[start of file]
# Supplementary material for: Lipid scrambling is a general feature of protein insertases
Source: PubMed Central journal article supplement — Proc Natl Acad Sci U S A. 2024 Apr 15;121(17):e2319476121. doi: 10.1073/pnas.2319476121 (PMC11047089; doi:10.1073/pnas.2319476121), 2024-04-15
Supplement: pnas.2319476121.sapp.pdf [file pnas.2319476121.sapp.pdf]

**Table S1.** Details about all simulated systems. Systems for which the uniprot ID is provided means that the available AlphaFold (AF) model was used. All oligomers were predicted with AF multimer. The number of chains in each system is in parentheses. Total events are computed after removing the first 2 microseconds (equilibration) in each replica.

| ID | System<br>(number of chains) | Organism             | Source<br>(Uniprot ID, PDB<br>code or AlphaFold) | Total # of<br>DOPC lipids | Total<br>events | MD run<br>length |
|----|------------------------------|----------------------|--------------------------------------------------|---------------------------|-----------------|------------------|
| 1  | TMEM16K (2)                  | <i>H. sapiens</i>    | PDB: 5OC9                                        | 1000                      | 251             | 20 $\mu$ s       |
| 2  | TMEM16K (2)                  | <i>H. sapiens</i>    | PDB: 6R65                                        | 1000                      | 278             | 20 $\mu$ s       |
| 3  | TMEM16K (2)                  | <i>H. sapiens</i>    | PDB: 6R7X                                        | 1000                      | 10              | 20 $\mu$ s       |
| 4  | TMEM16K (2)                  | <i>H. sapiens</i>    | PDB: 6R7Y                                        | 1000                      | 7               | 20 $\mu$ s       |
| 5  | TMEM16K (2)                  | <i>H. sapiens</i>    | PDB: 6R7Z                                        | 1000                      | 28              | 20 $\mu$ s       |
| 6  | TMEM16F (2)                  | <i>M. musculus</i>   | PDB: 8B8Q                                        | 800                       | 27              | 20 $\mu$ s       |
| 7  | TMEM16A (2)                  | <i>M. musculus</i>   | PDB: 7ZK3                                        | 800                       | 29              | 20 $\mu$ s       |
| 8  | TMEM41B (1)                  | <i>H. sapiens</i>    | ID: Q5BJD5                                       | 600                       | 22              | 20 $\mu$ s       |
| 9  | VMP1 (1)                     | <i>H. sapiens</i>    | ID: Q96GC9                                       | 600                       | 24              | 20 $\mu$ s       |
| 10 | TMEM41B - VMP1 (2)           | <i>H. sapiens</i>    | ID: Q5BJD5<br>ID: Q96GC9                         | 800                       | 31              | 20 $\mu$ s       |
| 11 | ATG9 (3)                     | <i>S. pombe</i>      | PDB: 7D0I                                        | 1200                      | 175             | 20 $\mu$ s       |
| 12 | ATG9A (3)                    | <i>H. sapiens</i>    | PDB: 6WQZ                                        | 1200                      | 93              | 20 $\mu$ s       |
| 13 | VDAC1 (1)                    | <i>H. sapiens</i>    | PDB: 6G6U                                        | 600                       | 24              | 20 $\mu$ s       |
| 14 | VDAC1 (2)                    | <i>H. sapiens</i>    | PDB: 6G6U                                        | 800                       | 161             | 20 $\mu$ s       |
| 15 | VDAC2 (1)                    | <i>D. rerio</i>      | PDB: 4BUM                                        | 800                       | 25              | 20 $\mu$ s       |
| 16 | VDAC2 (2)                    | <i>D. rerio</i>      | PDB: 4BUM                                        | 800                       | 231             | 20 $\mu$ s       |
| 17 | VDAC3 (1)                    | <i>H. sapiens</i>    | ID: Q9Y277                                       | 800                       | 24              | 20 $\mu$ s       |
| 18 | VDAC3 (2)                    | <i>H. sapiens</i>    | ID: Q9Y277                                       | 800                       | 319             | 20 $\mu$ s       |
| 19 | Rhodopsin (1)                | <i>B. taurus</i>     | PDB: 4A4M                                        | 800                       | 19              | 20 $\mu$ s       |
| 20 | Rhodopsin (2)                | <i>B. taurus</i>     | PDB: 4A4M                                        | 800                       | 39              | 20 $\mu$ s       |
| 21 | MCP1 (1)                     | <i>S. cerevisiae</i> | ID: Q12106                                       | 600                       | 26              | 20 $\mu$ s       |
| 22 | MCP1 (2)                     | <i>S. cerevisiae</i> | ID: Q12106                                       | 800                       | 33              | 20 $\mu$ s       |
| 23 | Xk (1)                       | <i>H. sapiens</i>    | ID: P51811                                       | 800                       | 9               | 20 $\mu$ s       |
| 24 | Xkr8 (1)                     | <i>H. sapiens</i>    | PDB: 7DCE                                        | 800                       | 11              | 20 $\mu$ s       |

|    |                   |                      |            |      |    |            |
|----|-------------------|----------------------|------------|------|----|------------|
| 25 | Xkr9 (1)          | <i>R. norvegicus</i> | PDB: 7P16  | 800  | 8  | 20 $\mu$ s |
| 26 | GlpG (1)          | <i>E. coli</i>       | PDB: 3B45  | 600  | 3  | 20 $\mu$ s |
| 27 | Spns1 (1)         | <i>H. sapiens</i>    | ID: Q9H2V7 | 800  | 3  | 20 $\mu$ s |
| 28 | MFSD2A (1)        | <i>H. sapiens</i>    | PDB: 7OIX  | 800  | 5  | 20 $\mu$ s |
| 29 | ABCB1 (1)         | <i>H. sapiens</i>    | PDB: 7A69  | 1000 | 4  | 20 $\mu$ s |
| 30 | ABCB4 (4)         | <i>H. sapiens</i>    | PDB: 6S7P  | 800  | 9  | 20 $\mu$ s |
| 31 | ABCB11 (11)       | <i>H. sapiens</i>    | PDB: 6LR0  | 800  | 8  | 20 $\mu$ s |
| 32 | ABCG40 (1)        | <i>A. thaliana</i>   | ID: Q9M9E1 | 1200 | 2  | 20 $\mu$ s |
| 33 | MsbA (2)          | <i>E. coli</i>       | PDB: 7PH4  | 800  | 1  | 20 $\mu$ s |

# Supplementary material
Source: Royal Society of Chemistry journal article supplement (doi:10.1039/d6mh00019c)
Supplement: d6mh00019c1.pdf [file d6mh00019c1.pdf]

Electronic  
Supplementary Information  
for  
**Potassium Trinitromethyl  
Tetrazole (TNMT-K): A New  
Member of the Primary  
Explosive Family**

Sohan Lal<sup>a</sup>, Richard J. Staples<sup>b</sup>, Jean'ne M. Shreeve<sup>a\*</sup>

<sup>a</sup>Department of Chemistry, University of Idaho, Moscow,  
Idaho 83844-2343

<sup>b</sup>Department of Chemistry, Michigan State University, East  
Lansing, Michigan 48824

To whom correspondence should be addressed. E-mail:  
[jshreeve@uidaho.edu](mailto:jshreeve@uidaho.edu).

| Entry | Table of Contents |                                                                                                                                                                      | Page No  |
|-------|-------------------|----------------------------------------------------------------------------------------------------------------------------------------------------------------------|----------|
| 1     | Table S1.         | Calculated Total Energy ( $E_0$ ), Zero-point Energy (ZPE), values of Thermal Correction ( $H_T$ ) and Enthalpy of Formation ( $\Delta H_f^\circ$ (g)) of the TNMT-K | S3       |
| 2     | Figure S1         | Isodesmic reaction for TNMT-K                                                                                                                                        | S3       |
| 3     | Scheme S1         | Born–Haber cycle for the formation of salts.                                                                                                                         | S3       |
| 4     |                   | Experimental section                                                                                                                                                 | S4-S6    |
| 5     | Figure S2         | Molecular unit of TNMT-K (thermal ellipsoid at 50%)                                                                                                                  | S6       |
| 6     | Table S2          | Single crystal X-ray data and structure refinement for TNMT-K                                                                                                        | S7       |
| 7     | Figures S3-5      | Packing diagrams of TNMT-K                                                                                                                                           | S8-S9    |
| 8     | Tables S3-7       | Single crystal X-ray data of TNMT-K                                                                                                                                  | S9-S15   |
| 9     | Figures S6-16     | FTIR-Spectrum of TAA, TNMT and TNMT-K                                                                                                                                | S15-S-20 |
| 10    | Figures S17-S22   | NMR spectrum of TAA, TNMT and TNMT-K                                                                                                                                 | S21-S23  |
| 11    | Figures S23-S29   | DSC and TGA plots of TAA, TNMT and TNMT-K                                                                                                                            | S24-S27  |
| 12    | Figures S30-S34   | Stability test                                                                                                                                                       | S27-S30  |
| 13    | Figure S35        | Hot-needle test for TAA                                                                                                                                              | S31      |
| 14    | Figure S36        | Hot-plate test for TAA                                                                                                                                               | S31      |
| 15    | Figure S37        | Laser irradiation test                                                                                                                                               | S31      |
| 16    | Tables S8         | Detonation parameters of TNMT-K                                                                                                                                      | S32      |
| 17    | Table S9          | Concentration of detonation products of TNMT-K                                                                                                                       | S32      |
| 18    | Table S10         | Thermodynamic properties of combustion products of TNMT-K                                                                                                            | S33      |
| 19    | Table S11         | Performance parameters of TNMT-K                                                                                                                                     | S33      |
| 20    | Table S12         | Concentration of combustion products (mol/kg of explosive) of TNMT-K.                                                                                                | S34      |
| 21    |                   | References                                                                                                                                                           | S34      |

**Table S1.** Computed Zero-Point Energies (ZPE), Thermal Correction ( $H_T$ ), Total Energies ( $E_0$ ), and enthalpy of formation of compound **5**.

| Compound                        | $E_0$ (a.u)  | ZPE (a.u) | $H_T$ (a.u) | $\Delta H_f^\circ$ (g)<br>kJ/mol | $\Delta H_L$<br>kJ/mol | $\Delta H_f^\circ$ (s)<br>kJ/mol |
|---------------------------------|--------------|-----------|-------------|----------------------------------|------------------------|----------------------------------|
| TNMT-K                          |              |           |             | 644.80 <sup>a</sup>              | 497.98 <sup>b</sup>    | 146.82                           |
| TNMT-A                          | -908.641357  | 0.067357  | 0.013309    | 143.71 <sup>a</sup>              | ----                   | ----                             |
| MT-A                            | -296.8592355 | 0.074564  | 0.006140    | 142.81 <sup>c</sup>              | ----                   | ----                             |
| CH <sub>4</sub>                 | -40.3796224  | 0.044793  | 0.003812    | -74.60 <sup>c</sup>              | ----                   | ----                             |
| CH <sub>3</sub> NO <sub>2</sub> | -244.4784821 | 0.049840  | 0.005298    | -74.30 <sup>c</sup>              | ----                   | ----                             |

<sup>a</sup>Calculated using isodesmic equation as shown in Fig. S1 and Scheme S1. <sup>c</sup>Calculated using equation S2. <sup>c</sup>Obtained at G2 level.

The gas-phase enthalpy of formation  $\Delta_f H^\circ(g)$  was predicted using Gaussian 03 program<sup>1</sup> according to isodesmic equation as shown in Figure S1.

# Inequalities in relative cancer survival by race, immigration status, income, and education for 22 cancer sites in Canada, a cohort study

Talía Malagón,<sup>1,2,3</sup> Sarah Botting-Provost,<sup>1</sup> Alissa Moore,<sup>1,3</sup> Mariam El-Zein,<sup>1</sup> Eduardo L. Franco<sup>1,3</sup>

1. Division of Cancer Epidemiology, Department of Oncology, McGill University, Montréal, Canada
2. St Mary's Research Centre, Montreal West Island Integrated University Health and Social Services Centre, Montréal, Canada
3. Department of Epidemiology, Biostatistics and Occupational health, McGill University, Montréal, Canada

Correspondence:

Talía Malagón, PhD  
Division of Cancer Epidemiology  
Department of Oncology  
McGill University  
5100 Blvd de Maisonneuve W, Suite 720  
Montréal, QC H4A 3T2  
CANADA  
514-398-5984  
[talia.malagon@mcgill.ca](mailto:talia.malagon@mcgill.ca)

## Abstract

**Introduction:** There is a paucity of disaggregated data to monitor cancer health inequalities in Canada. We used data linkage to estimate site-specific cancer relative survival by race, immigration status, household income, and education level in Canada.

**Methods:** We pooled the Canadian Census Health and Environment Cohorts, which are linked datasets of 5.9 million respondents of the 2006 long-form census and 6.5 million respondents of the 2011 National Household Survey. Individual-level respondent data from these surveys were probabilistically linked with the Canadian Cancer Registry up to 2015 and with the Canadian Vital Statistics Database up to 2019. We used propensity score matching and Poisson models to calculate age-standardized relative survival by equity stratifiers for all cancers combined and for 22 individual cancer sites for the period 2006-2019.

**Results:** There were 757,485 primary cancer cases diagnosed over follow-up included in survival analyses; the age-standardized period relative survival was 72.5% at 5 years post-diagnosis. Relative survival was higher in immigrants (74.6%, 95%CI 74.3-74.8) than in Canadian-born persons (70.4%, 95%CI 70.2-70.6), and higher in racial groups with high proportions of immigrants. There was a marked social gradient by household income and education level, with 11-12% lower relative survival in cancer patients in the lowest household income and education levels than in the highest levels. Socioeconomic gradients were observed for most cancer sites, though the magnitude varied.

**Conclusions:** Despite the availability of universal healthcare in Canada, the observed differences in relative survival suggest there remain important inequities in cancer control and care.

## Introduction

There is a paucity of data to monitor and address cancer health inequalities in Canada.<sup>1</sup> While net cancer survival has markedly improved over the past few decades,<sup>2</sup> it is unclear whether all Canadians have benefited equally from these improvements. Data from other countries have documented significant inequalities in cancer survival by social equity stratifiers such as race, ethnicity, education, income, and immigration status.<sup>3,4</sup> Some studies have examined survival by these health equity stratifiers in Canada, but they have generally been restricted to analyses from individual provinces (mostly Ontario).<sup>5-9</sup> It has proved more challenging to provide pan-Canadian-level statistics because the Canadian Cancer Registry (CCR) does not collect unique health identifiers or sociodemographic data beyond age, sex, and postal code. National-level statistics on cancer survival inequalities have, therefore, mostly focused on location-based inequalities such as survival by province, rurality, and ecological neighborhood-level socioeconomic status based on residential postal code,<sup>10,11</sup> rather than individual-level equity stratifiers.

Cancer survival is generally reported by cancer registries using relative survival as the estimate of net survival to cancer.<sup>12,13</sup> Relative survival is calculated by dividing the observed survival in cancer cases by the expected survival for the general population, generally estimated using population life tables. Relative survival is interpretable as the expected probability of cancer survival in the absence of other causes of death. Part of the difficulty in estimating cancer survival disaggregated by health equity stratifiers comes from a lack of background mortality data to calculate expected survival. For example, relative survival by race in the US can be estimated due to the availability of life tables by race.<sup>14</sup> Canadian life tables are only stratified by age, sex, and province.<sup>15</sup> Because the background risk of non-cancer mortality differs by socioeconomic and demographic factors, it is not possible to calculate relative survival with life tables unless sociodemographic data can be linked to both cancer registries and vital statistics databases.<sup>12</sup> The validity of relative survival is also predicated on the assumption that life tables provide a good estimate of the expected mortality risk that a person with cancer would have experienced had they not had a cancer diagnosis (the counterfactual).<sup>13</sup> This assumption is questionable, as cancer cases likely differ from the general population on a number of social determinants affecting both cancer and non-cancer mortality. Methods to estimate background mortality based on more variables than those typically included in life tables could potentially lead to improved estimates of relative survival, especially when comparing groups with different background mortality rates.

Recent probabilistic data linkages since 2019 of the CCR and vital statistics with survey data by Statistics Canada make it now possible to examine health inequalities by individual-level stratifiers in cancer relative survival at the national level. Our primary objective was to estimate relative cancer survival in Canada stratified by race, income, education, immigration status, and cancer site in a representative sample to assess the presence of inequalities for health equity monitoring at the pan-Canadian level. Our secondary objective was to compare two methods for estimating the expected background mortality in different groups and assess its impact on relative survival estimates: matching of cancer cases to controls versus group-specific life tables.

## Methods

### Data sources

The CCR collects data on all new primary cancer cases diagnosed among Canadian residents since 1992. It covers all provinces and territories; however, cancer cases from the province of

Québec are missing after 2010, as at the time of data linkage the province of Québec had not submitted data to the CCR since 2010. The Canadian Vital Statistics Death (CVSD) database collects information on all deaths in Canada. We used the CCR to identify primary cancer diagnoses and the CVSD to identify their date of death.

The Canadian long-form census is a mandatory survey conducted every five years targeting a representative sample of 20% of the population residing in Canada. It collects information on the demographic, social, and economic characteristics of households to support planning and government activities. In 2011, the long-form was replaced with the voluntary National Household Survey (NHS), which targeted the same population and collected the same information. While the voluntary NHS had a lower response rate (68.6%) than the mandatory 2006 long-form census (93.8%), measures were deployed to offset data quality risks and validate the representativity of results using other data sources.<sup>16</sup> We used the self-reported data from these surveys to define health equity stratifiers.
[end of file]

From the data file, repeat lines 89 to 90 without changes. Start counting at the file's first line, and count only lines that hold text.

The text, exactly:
| CH <sub>3</sub> NO <sub>2</sub> | -244.4784821 | 0.049840  | 0.005298    | -74.30 <sup>c</sup>              | ----                   | ----                             |

<sup>a</sup>Calculated using isodesmic equation as shown in Fig. S1 and Scheme S1. <sup>c</sup>Calculated using equation S2. <sup>c</sup>Obtained at G2 level.